Our breakfast proved it: the omakase of toro (tuna belly), tuna, salmon, octopus, squid, tamago (sweet egg omelet), sweet shrimp, “normal” shrimp, salmon roe, scallop, mackerel, and an unidentifiable white fish that sounded like hake but wasn’t, all washed down with miso soup and green tea, was truly excellent and, at ¥2,800, less than half of what it would cost in New York.

Authenticity is a concept almost always invoked by an outsider, an inauthentic person. So for me to expound upon the virtues of eating sushi at the world’s biggest fish market surrounded by happy drunks, sushi snobs, and Korean tourists, with those crazy turret carts whizzing by and the early-morning sun shining through the window, and to frame the event as some sort of authentic echt-Japanese experience: this would be naïve, probably a bit patronizing, and definitely the sentiments of a typical golly-gee gaijin. Well, fuck it. The market was singular and astonishing. The sushi breakfast was delicious. I loved every minute of that morning, and, like any good tourist, I have the digital photos to prove it.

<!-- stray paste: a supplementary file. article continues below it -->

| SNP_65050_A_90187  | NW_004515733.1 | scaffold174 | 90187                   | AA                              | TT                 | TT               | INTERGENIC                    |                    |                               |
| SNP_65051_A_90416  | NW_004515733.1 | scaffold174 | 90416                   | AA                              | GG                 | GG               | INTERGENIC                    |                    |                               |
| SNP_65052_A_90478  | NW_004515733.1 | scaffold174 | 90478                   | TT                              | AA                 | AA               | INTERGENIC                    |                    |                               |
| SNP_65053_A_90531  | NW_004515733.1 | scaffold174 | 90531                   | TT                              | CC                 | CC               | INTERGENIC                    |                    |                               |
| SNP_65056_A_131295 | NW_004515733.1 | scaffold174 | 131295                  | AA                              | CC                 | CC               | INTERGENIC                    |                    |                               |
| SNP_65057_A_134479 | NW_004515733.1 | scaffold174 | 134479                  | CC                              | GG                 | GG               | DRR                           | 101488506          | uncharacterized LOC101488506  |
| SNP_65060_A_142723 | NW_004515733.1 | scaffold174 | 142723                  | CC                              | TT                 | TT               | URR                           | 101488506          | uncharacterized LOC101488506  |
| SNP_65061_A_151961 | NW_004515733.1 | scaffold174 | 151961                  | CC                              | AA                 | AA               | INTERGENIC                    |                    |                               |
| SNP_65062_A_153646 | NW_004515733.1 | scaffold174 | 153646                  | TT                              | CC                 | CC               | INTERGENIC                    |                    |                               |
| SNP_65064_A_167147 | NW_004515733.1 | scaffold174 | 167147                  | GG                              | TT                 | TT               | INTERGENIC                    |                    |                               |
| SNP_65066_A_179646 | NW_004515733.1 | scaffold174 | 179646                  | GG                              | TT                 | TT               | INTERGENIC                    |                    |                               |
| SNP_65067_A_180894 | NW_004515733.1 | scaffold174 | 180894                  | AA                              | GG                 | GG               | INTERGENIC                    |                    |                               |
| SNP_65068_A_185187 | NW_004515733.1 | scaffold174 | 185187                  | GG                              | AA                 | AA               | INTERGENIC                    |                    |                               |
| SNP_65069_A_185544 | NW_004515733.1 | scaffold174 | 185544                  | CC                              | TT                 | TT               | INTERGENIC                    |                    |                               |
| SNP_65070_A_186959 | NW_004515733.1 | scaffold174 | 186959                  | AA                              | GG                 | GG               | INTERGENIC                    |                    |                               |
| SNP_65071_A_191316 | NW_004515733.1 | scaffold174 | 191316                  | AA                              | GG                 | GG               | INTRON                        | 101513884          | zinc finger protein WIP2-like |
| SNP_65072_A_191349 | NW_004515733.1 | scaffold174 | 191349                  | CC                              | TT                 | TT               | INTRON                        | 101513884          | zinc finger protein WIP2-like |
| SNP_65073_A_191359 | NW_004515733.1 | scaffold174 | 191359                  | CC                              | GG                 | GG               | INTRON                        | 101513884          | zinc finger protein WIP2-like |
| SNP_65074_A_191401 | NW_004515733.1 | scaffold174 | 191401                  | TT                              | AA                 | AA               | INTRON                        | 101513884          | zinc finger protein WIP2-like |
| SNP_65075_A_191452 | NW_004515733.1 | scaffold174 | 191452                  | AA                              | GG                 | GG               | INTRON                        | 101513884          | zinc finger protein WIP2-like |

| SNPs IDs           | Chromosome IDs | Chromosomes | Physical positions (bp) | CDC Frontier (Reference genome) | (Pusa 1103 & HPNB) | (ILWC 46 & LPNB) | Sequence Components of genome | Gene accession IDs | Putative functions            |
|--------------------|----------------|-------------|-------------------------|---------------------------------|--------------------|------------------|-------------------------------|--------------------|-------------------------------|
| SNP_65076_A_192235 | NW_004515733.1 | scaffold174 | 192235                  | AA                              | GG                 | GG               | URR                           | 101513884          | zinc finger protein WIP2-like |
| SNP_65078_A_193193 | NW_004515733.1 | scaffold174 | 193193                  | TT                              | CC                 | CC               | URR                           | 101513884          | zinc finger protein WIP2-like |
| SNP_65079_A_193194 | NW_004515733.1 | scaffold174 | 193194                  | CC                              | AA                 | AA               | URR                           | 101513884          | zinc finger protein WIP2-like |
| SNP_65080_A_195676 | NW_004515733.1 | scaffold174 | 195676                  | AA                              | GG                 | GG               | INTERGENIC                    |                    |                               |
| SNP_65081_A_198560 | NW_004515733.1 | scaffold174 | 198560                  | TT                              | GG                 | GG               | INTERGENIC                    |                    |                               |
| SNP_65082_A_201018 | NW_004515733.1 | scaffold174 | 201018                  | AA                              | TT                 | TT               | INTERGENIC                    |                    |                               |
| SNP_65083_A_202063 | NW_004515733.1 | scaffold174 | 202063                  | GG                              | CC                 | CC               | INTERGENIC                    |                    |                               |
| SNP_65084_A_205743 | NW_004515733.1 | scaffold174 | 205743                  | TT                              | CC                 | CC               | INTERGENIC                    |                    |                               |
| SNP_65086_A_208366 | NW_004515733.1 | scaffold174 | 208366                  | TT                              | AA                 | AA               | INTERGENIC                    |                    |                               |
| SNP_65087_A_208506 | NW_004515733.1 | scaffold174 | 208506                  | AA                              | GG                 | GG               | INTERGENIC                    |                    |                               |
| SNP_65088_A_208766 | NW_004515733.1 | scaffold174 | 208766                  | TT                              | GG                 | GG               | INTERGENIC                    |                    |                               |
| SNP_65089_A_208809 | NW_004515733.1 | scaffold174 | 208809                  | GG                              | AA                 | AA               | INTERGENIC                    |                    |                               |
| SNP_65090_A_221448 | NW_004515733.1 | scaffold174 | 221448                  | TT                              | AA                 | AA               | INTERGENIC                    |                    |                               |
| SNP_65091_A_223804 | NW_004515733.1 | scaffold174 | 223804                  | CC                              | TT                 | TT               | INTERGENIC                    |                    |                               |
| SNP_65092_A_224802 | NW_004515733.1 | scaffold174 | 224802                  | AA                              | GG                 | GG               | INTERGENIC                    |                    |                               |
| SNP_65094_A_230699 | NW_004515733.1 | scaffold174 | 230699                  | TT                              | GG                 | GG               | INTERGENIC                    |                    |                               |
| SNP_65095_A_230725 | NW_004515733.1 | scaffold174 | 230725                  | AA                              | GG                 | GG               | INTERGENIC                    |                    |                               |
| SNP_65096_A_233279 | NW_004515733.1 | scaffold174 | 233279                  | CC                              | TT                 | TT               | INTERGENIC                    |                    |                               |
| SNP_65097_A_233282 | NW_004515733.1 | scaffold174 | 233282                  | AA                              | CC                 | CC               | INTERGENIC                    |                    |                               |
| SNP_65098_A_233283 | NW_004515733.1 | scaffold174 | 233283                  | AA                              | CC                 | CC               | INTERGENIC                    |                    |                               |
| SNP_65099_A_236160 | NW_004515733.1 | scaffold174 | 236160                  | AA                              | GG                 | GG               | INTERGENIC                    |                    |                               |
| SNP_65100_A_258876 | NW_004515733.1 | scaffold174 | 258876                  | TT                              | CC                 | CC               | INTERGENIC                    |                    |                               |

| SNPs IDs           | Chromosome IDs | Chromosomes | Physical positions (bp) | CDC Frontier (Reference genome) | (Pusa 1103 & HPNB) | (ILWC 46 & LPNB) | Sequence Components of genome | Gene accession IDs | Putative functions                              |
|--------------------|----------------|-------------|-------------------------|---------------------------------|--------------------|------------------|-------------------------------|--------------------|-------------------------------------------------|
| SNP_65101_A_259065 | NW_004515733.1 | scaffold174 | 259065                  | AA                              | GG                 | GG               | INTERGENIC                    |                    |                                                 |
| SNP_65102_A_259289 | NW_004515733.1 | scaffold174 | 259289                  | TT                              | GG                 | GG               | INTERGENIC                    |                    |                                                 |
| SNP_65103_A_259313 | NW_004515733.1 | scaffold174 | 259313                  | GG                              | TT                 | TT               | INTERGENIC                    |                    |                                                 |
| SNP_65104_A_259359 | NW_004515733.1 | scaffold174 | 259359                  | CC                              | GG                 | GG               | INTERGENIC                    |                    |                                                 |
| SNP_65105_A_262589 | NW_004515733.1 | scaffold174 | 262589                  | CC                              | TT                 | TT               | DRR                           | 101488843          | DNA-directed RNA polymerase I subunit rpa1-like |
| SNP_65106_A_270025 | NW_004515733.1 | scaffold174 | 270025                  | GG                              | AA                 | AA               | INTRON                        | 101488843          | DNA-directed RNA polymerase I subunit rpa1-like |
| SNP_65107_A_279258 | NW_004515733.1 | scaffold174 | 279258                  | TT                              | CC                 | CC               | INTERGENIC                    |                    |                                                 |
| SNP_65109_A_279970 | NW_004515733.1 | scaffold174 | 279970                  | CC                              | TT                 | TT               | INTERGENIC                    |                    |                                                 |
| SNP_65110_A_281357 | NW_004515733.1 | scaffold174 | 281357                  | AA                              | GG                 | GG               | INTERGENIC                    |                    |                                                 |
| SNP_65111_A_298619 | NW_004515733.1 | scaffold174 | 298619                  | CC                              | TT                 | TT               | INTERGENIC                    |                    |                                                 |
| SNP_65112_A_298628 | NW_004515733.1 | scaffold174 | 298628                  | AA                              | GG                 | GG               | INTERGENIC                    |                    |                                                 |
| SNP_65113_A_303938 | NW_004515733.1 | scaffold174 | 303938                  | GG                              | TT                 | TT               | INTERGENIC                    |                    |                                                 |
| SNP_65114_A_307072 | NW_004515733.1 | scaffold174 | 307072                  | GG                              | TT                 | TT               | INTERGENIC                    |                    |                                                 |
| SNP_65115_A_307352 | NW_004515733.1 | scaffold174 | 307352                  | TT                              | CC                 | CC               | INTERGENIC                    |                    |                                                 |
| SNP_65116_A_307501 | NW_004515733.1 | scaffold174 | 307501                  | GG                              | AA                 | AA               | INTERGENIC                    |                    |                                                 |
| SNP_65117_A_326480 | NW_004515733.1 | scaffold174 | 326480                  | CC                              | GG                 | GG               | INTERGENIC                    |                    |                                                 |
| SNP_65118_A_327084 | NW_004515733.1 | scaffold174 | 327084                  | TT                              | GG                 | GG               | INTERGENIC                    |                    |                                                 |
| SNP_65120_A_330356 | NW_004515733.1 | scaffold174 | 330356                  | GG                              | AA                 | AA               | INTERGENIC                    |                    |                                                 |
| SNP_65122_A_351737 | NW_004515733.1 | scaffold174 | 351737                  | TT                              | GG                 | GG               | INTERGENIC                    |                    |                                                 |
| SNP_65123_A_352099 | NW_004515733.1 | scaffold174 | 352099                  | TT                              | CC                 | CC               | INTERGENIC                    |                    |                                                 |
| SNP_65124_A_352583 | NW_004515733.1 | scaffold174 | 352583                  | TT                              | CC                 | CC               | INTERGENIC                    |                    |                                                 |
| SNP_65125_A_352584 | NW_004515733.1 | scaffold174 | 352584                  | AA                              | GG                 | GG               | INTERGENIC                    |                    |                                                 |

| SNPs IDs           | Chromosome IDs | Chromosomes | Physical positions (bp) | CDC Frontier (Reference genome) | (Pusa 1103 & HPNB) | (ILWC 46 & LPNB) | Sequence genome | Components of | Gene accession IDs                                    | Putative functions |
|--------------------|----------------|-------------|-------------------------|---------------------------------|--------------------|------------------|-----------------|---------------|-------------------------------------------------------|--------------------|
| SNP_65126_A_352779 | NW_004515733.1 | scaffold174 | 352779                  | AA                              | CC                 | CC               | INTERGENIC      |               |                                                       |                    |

Brian DeLeeuw is the senior contributor to This Recording. You can find his previous work here, here, here, here, and here. He writes frequently on travel and food for CITY magazine. His writing has also appeared in New York, Tin House, and New York Press. His novel In This Way I Was Saved is forthcoming from Simon & Schuster in the spring of next year.

All original photography by Brian DeLeeuw and Alex Cooley.


“Mer Du Japon (Teenagers remix)” – Air (mp3)

“Fisherman” – The Congos (mp3)

“Girl and the Sea (Cut Copy remix)” – The Presets (mp3)

“Girl and the Sea” – The Presets (mp3)

“Please” – Ikonika (mp3)

“Life’s a Beach! (Todd Terje remix)” – Studio (mp3)


We’re in business. It’s a business.

Keith Gessen and Tyler Coates.

The glory of Jayne Mansfield.